This view from the bench proves illuminating

Meet Edward R.K. Hargadon, Baltimore Circuit judge and, as I've now come to think of him, Trial Whisperer.

Hargadon presided over the non-jury trial of Gahiji Tshamba, the Baltimore police officer, and on Thursday found him guilty of manslaughter in the shooting death of a Marine veteran last year outside a Mount Vernon bar.

Beyond the verdict itself, what's remarkable is the five-page narrative that Hargadon wrote in which he basically takes readers by the hand and walks them through his thought processes on the case. (You can read online here).

Most verdicts come down in fairly dry, checklist fashion. Guilty or not, on which counts, commit to custody, submit to pre-sentencing, so ordered, yadda yadda, and down comes the gavel. Sometimes a judge will be moved to make some remarks — dressing down a defendant, for example, or expressing a frustration with a law — but judges judge; they don't explain.

I've never seen anything like Hargadon's verdict order, with its judge's eye view of the trial. It's that rare legal document that is written in English, and by someone recognizable as human.

Hargadon lets you see the gears working, how he viewed witnesses and their testimony, why one was credible and others were not, who at various points in the escalating fight was the aggressor and who could have backed down. Hargadon even visited the site where Tyrone Brown was killed, which helped him figure out who could see what from where, and match that to what they testified to on the stand.

I still have some questions after reading it, primarily: Why did Hargadon decide to write it? I can't tell you; a court spokeswoman said that he wasn't allowed to talk to me because the case is technically still in progress — Tshamba will be sentenced in August — so he declined my interview request.

But here's what I think: It was a smart way to acknowledge the public's interest in this case, which went beyond Brown's family. Police were watching to see how a fellow officer would be treated. Residents were watching to see if Tshamba was given undue breaks because of his badge.

You hear a lot of suspicion, cynicism and a lack of trust about the criminal justice system around town — whether from those who feel railroaded by it or those who believe it lets criminals off too easily. Right or wrong, the sentiments are out there, they're entrenched and they're not going to go away with a single case, or with a single judge and his five-page explanation.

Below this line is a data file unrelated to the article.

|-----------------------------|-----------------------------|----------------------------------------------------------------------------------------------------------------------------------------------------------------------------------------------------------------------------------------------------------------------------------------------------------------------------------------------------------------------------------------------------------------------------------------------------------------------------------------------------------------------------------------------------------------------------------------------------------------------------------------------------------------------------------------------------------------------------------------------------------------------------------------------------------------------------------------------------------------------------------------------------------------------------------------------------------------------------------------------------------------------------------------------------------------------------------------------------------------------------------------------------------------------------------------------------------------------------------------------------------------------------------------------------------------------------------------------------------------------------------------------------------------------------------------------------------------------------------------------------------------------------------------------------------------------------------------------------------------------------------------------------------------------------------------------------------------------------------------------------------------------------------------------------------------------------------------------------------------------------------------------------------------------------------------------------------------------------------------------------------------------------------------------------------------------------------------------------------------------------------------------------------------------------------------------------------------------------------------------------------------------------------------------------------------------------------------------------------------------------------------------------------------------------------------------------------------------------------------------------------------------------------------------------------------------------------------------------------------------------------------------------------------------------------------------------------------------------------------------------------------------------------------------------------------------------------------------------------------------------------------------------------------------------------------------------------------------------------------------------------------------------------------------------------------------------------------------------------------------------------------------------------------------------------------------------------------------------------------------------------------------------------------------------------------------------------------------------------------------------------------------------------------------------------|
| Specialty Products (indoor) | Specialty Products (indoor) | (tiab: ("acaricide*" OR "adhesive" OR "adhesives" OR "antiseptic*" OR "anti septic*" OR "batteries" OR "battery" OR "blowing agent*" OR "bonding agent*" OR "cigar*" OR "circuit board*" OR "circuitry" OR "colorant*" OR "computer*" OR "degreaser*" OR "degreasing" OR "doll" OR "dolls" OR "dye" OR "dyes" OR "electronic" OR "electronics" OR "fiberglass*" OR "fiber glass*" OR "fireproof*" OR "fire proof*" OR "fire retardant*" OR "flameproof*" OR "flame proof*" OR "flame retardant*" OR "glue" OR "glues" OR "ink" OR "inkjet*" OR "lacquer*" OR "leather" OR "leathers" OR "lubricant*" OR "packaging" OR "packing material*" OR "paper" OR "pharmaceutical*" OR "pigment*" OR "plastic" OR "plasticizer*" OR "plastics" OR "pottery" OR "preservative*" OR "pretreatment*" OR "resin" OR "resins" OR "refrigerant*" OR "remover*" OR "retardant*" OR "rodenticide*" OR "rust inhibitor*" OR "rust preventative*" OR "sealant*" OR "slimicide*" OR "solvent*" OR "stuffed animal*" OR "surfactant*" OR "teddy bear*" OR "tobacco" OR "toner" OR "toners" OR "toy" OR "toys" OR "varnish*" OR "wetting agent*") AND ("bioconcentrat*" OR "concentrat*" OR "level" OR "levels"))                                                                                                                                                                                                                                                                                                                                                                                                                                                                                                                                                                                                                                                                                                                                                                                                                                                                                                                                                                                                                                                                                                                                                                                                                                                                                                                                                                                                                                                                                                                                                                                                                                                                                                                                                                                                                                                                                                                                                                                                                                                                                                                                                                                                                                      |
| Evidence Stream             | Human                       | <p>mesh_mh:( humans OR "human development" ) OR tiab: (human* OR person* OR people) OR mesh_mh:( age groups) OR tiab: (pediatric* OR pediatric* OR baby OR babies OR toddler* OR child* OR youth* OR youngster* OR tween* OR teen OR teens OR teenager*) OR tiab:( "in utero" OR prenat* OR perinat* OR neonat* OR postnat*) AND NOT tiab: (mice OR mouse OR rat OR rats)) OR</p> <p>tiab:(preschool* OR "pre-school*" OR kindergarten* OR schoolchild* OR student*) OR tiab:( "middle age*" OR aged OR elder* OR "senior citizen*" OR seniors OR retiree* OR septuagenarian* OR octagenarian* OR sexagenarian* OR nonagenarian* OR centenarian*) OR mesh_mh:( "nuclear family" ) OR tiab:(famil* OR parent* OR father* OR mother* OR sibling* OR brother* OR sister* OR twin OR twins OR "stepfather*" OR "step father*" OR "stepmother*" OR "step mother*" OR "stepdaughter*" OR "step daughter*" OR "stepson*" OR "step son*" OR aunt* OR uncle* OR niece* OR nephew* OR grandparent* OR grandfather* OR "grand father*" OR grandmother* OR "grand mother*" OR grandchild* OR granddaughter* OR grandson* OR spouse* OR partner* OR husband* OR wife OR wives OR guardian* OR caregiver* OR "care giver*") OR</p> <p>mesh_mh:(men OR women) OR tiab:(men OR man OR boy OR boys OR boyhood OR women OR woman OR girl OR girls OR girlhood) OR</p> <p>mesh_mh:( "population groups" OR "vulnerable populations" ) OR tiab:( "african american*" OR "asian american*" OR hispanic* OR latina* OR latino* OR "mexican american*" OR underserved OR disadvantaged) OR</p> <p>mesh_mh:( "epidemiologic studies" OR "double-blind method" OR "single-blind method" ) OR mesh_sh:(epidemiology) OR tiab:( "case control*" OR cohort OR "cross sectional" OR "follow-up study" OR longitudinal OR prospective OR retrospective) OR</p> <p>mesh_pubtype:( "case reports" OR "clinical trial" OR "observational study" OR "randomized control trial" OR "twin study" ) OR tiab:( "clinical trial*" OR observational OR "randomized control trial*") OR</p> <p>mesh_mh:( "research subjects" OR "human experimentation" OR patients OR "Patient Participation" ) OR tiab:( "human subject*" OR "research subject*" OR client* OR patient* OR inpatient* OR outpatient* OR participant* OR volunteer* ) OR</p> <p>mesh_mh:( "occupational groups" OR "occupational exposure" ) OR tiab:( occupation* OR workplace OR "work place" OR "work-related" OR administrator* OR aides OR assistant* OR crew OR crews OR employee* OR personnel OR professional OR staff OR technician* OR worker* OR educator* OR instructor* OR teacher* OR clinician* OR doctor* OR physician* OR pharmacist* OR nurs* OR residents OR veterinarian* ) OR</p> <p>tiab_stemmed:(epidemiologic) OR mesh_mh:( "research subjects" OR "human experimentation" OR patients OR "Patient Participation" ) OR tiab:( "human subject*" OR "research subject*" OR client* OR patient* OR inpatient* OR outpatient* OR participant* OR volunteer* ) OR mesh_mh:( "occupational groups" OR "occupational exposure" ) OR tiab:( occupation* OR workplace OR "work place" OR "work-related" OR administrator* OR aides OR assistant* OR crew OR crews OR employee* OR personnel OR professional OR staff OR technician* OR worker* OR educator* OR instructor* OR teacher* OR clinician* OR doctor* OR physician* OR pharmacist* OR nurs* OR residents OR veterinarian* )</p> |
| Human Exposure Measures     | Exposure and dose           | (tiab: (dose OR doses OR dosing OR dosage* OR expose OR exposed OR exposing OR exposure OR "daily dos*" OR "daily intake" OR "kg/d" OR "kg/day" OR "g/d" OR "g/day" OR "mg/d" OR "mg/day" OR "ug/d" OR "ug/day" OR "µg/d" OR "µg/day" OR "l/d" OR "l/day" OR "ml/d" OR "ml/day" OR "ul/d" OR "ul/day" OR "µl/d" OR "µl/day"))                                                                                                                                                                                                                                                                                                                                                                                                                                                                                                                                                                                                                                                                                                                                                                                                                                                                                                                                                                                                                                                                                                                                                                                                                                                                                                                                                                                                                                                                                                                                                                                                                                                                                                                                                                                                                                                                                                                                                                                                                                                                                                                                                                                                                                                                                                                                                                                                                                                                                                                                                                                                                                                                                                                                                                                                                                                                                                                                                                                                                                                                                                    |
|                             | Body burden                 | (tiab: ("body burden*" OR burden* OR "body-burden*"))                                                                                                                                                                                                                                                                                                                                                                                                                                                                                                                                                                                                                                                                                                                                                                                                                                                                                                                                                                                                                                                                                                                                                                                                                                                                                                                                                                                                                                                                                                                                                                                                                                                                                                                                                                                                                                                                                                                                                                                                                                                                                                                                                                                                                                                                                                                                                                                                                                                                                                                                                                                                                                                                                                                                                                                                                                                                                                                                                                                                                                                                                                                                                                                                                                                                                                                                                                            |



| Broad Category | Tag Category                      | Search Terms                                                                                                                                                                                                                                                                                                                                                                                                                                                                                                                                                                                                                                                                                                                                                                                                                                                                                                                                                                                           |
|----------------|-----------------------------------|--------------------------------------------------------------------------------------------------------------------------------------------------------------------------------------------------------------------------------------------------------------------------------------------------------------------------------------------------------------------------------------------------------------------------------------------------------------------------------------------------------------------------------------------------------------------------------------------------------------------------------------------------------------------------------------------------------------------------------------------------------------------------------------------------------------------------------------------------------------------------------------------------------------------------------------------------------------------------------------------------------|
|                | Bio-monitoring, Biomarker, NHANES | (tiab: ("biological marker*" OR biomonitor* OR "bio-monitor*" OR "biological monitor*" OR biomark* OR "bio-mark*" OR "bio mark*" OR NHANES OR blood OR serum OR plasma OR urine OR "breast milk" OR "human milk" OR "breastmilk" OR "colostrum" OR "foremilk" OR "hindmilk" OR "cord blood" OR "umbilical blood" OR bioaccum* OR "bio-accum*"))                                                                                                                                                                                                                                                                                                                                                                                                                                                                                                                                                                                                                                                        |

But I have to think that the way Hargadon laid out his thinking in the Tshamba case has to open some eyes. Here is a judge meticulously going through the witnesses and assessing which to believe and which to reject. Whether you agree or disagree with his conclusions, you at least sense him holding each one up to the light and checking the view from several angles.

It's largely a dispassionate piece of writing, save for a few editorial comments here and there, but the document is unavoidably poignant because you see how at certain points during this alleyway encounter, this all could have ended differently.

If the woman Brown groped had shown some restraint and just accepted Brown's "My bad." If Tshamba hadn't overreacted in defending her from what was hardly the most outrageous assault ever perpetrated on womankind. If Brown had let his sister take him home rather than take this a stupid, drunken situation one fatal step further by pushing Tshamba.

That may be the saddest if — in Hargadon's telling, Brown's sister, Chantay Kangalee, comes off as a straight-thinking, caring sister who tried to quell the craziness of the fight and who — almost — succeeded.

Hargadon found her the most credible witness, a surprising and gratifying twist to the trial. Kangalee originally was slated as a witness for the prosecution, which ended up not calling her because her testimony would seem to give support to Tshamba's version. Ultimately, Hargadon found the officer less than credible, and Kangalee's testimony contributed to the judge's decision to find him guilty of manslaughter.

Trials are messy, unpredictable things. At least this time, though, we had someone picking up the pieces and putting them in some semblance of order.